In July of 2011, I began talking to fellow teachers about it and found others who were just as excited. That summer, a handful of us from a few schools in our district formed a secret club on Facebook. Everyone read the book. Spilling over with ideas, we met to discuss implementation. Doing a good job with Reader’s Workshop meant throwing out the district-approved textbook and workbook. That caused me some trepidation, but I had already seen the power of the workshop approach in writing. So our secret group continued to meet after school started and we began to try this new style of reading instruction.
I developed short lessons that taught the concepts students are required to master: connecting to ideas in the text, identifying main ideas and details, using context clues, etc. Students take these lessons and apply them to their self-selected silent reading books. Every day in class, they read. Once a week, they write me a letter about their reading that shows me how they are applying the skills learned. I continue to be blown away by how their literature analysis grows throughout the year. They now read their textbook only if they choose to. We never open the workbooks.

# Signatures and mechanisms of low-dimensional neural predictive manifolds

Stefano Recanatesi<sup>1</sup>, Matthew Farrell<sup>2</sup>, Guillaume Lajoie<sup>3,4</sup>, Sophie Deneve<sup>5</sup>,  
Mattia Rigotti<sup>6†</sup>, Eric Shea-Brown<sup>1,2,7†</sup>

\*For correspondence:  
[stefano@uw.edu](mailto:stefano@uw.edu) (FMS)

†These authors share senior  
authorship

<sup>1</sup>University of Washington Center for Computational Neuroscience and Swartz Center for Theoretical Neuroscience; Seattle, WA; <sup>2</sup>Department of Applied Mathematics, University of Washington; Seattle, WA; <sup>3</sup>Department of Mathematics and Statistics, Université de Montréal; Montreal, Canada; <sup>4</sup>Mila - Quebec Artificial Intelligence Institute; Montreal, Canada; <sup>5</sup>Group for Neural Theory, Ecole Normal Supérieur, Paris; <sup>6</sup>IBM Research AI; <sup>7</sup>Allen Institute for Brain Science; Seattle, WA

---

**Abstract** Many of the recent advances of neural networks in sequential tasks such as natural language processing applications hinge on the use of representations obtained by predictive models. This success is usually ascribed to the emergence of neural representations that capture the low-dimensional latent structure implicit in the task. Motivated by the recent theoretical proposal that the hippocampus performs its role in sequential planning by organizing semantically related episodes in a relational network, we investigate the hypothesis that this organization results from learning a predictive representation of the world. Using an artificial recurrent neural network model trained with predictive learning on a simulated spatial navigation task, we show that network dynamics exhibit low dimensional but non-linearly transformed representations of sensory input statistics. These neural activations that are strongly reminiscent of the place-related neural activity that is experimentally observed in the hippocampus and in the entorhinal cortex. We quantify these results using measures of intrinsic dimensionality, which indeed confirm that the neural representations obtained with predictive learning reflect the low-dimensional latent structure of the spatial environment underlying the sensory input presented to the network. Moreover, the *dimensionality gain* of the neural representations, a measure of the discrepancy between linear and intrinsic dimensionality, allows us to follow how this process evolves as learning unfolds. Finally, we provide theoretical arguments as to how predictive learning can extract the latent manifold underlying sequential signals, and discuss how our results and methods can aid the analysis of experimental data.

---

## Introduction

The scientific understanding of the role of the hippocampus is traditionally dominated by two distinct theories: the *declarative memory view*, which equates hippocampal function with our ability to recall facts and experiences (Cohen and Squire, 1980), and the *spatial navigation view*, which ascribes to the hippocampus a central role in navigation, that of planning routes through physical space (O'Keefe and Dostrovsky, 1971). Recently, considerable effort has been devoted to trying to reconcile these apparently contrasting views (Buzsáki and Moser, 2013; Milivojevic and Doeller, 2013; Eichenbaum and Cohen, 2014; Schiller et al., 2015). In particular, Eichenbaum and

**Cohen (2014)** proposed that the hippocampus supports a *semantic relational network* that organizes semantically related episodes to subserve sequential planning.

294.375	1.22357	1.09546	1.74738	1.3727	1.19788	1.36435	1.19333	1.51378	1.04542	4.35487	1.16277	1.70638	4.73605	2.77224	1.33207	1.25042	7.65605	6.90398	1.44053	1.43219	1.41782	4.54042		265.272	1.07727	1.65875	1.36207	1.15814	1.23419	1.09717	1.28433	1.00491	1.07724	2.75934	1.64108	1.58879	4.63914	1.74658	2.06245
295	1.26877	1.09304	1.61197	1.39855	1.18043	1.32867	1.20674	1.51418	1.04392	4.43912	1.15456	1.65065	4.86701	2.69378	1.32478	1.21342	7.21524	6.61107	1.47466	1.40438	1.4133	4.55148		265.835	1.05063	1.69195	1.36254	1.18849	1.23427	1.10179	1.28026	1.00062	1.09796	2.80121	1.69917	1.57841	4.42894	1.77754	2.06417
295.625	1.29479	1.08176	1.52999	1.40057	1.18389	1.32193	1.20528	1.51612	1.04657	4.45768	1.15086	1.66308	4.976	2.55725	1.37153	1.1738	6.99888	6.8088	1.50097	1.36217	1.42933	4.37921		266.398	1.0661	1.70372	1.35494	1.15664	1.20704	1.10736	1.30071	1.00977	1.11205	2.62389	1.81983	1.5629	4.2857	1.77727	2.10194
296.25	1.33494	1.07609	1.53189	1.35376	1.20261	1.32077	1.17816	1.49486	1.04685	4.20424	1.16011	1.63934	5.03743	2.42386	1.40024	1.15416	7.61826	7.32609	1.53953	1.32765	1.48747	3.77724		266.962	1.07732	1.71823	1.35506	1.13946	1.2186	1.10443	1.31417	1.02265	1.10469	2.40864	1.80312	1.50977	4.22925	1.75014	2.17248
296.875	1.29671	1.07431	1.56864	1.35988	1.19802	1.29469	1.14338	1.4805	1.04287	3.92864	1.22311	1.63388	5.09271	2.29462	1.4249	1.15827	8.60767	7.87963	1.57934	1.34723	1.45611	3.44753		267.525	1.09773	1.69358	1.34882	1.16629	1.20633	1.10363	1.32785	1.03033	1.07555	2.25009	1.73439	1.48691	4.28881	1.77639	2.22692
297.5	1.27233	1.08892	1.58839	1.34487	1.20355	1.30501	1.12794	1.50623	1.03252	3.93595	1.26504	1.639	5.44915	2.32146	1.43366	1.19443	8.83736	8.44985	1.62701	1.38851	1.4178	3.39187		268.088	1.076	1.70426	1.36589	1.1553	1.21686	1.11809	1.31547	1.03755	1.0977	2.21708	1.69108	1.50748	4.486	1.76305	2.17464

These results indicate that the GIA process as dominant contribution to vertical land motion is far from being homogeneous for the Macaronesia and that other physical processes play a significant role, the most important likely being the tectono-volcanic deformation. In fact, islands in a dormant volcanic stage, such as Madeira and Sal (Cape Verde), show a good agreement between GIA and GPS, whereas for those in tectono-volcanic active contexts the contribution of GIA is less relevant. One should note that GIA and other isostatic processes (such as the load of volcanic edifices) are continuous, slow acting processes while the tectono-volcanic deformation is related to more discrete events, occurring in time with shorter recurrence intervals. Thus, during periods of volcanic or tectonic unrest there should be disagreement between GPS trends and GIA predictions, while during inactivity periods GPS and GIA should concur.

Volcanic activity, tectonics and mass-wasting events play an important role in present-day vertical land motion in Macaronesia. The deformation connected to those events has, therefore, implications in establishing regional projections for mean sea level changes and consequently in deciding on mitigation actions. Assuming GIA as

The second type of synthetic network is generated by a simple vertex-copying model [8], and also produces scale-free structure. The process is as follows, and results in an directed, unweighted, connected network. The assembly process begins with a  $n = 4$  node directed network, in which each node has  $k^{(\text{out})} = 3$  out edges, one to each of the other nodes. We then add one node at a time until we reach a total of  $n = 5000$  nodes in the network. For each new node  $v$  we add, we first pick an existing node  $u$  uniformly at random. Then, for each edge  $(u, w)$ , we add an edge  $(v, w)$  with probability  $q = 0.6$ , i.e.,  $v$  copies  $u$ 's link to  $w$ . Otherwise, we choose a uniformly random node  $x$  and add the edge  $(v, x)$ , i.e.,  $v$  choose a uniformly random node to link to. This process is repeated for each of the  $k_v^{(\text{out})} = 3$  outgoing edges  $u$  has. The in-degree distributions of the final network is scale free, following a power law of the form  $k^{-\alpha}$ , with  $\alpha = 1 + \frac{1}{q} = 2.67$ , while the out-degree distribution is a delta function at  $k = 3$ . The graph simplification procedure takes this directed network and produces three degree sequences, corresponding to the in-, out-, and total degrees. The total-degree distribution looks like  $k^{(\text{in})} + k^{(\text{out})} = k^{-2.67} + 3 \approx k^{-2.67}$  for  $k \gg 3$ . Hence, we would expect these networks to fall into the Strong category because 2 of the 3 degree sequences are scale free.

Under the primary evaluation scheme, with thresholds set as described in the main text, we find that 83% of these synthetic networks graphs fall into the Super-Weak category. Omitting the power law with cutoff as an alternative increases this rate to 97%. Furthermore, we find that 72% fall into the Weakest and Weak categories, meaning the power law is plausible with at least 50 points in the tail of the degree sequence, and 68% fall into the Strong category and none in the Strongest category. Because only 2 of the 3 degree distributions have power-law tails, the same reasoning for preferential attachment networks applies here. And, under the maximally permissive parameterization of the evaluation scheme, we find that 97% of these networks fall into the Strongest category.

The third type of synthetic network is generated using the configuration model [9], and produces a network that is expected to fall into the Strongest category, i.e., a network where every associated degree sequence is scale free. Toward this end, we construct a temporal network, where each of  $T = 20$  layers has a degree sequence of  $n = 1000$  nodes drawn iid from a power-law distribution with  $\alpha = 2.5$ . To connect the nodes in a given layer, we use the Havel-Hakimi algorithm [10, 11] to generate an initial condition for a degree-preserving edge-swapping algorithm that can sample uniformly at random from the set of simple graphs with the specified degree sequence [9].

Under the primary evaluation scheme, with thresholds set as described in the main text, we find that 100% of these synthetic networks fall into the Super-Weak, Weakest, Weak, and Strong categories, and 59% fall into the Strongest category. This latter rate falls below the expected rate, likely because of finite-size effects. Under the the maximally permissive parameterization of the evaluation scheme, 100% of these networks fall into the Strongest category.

Parents always ask what they can do to help. It’s much easier for them if there’s a worksheet! The best thing parents can do for their children is to read. Read to the younger ones and with the older ones. I remember sitting with my sons and reading, each of our own book, but together and engaged. Read the same book as your child and discuss themes. You might be surprised at the depth of some of the themes in Young Adult literature!
Not yet convinced? Read this article:
Reading for pleasure builds empathy and improves wellbeing, research from The Reading Agency finds
I’ve been very successful at getting my students to read. New challenge: get the parents reading for pleasure!